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EFFLUVIUM

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EFFLUVIUM

Postby Dr. Goodword » Fri Apr 28, 2006 10:18 pm

• effluvium •

Pronunciation: ê-flu-vee-êm • Hear it!

Part of Speech: Noun

Meaning: 1. An exhaust of nauseating or noxious vapor or gas. 2. Any byproduct or waste from a manufacturing process that is ejected into the environment, a putrid or noxious effluent.

Notes: Because effluvium is an obvious borrowing from Latin that ends on -um, like datum and consortium, its plural is formed like the plural of those words by replacing the -um with -a: effluvia. The adjective is effluvial, as in the effluvial tailings from a mine. The neutral term for such an outflow, without the implication of noxiousness, is a close cousin of today's word, effluence.

In Play: Today's Good Word comes in handy when talking about pollution: "The effluvia from all the manufacturing plants along the river have devastated the fish population." However, don't forget the first meaning of this word, which could just as well apply to natural effluvia: "Cows and horses noisily emit a great deal of effluvium during their digestive processes."

Word History: This word came from Latin effluere "to flow out", based on ex "out of" + fluere "to flow". The X in ex 'assimilates' to some consonants when it is attached to them, that is, becomes the same sound. We see that not only in today's word, where X becomes F, but also in emigrate and elevate. English borrowed a small library of words based on Latin fluere, including influence, affluence, effluence, and confluence. The English word from the same Proto-Indo-European root as fluere is—would you believe it?— blow, not flow.
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Postby Brazilian dude » Fri Apr 28, 2006 11:04 pm

Because effluvium is an obvious borrowing from Latin that ends on -um, like datum and consortium, its plural is formed like the plural of those words by replacing the -um with -a: effluvia

As I have previously said, I'm in favor of Anglicized plurals. Why not effluviums? My Merriam-Webster has that word preceded by also, which means that it's less popular than effluvia. I personally think if you were to retain the original Latin plural, you'd have to decline the word accordingly in Latin as well, and then would have to say "Cows and horses noisily emit a great deal of effluvi/effluvii during their digestive processes.", since the genitive would have been required in that sentence in Latin. That, for obvious reasons, is impracticable in English, so why not effluvium, effluviums? We have changed Latin -um and -us to o, you could do the same and make it conform to English.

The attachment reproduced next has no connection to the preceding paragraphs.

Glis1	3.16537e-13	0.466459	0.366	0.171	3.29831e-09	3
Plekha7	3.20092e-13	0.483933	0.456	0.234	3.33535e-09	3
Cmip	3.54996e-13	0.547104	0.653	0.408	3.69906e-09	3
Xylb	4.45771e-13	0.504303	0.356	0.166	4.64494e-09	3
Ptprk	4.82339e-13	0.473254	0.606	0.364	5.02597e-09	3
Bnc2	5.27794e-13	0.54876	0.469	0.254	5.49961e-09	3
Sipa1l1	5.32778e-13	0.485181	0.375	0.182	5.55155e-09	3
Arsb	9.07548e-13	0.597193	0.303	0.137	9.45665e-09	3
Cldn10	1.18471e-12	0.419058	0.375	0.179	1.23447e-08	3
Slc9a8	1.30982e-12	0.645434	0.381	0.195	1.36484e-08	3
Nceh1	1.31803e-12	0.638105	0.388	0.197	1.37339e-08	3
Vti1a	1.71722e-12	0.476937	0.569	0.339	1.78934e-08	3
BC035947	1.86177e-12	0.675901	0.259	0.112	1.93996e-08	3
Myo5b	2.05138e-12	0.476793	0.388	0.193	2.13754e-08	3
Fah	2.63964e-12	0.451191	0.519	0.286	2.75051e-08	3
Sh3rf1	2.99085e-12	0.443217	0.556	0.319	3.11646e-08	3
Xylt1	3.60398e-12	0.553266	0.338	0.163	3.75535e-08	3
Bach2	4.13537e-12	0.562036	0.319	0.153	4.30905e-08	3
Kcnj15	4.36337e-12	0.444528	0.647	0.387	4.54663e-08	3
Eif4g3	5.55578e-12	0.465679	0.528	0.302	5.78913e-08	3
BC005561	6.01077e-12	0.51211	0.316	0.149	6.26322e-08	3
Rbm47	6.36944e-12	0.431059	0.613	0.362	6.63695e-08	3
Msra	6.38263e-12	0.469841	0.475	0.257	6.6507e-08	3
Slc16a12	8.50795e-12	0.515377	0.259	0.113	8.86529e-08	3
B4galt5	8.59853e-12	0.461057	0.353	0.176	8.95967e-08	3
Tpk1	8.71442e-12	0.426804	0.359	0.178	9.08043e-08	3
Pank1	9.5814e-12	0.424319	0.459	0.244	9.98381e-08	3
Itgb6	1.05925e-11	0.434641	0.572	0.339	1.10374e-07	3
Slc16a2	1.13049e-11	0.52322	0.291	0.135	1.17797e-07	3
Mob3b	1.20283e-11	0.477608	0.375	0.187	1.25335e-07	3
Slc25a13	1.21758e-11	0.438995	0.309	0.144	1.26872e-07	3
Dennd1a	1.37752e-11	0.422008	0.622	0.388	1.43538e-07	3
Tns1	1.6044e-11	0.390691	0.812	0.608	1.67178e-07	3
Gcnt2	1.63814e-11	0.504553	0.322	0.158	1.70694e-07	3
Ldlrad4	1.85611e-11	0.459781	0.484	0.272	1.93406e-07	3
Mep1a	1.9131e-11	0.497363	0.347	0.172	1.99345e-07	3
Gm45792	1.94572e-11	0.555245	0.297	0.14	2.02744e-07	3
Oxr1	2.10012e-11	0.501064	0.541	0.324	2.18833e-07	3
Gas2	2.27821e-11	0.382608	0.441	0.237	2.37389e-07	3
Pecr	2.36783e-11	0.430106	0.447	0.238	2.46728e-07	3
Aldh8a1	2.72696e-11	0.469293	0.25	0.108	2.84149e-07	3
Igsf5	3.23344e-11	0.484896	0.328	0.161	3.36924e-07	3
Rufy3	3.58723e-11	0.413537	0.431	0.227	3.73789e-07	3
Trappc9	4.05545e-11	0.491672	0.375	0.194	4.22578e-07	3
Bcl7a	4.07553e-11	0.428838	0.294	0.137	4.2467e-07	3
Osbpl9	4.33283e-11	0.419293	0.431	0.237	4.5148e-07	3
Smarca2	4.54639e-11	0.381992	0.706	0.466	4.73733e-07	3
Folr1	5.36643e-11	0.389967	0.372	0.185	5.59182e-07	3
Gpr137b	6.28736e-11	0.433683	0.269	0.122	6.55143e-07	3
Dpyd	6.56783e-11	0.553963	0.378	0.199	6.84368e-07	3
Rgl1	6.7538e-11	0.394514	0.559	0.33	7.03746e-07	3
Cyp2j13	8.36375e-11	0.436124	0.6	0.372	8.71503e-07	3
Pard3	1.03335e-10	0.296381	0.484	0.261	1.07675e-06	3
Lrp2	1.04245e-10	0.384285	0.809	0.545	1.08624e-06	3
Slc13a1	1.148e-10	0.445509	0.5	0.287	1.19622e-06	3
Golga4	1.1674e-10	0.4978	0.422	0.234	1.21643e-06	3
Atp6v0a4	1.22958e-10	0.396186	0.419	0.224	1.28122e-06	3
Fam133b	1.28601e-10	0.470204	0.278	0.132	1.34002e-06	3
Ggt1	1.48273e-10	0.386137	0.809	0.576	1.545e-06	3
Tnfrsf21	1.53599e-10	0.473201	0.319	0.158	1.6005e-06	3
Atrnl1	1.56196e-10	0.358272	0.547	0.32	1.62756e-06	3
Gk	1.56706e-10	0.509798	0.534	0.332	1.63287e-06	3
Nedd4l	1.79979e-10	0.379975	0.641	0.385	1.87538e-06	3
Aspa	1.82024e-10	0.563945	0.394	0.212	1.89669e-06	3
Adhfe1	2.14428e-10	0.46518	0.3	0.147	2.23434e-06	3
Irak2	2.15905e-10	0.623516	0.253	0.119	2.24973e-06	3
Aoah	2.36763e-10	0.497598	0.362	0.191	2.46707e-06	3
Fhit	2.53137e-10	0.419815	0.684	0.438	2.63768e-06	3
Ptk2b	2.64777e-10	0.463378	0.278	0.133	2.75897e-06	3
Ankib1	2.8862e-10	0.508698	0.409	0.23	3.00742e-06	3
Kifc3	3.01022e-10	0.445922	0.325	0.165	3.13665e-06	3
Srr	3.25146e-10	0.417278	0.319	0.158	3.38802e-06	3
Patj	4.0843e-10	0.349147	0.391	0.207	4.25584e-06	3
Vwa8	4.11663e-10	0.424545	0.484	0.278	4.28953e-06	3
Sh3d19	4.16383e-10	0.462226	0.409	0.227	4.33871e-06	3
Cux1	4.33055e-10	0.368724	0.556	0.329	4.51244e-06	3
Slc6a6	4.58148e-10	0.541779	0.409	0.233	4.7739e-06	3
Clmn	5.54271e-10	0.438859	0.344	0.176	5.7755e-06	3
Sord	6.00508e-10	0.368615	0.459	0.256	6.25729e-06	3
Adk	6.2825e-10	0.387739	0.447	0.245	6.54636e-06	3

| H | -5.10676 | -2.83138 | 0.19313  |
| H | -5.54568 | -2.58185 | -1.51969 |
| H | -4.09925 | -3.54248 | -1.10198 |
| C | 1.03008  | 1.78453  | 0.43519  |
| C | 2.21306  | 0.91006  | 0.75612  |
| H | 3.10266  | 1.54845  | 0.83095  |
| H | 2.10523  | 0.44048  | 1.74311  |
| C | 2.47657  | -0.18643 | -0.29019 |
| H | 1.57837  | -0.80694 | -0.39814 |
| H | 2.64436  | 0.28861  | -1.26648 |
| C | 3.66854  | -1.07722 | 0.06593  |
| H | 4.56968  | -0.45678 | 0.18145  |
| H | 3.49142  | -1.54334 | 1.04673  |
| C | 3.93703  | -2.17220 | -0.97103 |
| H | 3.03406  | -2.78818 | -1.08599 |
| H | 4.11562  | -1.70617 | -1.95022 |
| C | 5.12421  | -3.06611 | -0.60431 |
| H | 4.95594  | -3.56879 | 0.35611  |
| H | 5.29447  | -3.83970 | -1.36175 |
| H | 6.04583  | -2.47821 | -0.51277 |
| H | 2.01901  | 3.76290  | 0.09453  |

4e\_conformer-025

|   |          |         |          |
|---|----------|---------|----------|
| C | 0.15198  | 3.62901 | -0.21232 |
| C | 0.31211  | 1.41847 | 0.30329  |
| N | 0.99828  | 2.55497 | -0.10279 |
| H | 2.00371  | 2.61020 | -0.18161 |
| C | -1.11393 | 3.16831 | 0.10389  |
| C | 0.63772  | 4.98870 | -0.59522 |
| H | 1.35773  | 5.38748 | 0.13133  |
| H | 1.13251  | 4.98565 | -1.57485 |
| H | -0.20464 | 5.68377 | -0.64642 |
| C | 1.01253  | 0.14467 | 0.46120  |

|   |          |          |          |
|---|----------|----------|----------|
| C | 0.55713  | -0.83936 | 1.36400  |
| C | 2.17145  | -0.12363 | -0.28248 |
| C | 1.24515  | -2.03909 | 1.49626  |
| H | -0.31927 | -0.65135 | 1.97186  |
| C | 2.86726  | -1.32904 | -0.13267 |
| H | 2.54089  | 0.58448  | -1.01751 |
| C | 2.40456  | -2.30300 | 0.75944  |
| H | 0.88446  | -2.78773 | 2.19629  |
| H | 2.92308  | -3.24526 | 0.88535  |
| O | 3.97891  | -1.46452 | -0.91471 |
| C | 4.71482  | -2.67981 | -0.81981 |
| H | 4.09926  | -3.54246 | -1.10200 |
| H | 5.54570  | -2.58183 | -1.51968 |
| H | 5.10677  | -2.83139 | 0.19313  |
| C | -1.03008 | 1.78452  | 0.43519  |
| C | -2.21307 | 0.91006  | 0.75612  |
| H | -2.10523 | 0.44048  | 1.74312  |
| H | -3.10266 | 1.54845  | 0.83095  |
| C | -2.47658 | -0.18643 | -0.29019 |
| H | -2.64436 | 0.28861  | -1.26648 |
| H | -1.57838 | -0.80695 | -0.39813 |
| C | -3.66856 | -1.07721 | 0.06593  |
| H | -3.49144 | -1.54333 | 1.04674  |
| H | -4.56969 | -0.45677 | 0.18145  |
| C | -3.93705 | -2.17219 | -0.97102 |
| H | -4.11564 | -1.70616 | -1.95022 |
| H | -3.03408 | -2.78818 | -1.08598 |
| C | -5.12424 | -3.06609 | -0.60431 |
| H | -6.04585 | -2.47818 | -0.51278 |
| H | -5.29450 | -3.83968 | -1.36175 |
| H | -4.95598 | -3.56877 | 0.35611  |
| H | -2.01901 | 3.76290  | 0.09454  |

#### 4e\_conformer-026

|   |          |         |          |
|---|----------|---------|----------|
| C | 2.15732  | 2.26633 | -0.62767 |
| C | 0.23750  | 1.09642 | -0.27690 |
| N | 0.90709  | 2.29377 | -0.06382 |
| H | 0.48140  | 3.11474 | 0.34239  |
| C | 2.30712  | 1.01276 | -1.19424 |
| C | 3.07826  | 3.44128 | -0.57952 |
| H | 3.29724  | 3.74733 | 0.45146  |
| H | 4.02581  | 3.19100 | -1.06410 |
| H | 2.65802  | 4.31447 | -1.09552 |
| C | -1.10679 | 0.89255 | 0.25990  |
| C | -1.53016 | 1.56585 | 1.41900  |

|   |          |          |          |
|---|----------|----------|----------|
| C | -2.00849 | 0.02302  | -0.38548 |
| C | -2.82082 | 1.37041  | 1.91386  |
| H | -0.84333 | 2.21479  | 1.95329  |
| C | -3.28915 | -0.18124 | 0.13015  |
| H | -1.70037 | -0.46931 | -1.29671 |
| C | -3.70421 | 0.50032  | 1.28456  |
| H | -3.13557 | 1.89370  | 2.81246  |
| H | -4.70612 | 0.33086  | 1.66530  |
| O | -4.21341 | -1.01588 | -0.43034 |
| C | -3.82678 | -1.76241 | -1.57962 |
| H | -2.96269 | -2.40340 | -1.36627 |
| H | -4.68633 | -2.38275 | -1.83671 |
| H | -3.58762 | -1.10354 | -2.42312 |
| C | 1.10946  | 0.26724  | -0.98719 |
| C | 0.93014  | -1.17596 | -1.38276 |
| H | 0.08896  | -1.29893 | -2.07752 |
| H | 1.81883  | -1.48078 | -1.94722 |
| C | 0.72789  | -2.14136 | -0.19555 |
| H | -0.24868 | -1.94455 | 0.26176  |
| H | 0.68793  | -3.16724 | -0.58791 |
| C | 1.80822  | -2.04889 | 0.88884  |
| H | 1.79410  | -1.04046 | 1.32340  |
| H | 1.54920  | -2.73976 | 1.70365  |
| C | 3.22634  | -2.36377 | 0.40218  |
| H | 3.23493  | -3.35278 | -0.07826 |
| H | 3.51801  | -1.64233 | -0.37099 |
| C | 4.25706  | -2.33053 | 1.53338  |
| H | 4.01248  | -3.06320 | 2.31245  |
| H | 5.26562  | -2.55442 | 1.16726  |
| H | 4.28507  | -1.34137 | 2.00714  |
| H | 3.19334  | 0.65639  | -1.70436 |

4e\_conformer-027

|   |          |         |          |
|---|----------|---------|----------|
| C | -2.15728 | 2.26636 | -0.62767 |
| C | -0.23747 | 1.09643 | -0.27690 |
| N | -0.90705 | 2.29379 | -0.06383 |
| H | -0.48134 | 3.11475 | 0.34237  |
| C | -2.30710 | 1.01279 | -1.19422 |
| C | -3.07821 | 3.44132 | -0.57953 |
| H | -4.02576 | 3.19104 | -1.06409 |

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Postby Huia Iesou » Sat Apr 29, 2006 6:37 am

I personally like the Latin plurals. I feel they remind us of the many sources for English words and remind us to appreciate different languages.
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Postby Brazilian dude » Sat Apr 29, 2006 1:55 pm

But if all Greek and Latin plurals were Anglicized, it would be easier for the common speaker and there wouldn't be monstrosities like "The criteria is" and "The phenomena is" anymore.

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Postby gailr » Mon May 01, 2006 4:22 am

I recently came across: "the datums are." :)

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Postby Brazilian dude » Mon May 01, 2006 10:06 am

I personally see no problem with it.

The word data is a queer fish. It is an English word formed from a Latin plural; however, it eads a life of its own quite independent of its Latin acnestor and equally independent of the English word datum, of which it is supposed to be the plural. Ordinary plurals - that is, the plurals of count nouns, like toes, women, or criteria - can be modified by cardinal numbers; that is, we can say five toes, or five women, or five criteria. But data is not used with a cardinal number; no one, it seems can tell you how many data. Datum, incidentally, is a count noun; in one of its senses it has a plural datums, which is used a with a cardinal number:

... in place of a single reference system today we have about 80 more or less independently derived reference systems or datums - Homer E. Newll & Leonard Jaffe, Science, 7 July 1967

From Merriam-Webster's Concise Dictionary of English Usage

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Postby gailr » Mon May 01, 2006 9:58 pm

I still don't like it. :)
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Postby Perry » Tue May 02, 2006 8:11 am

You may not like it, but it seems that BD has either the data, datum, or datums to back it up.

BTW BD old friend. Is the Latin Acnestor related in any way to the Greek Nestor? :lol: http://homepage.mac.com/cparada/GML/Nestor.html
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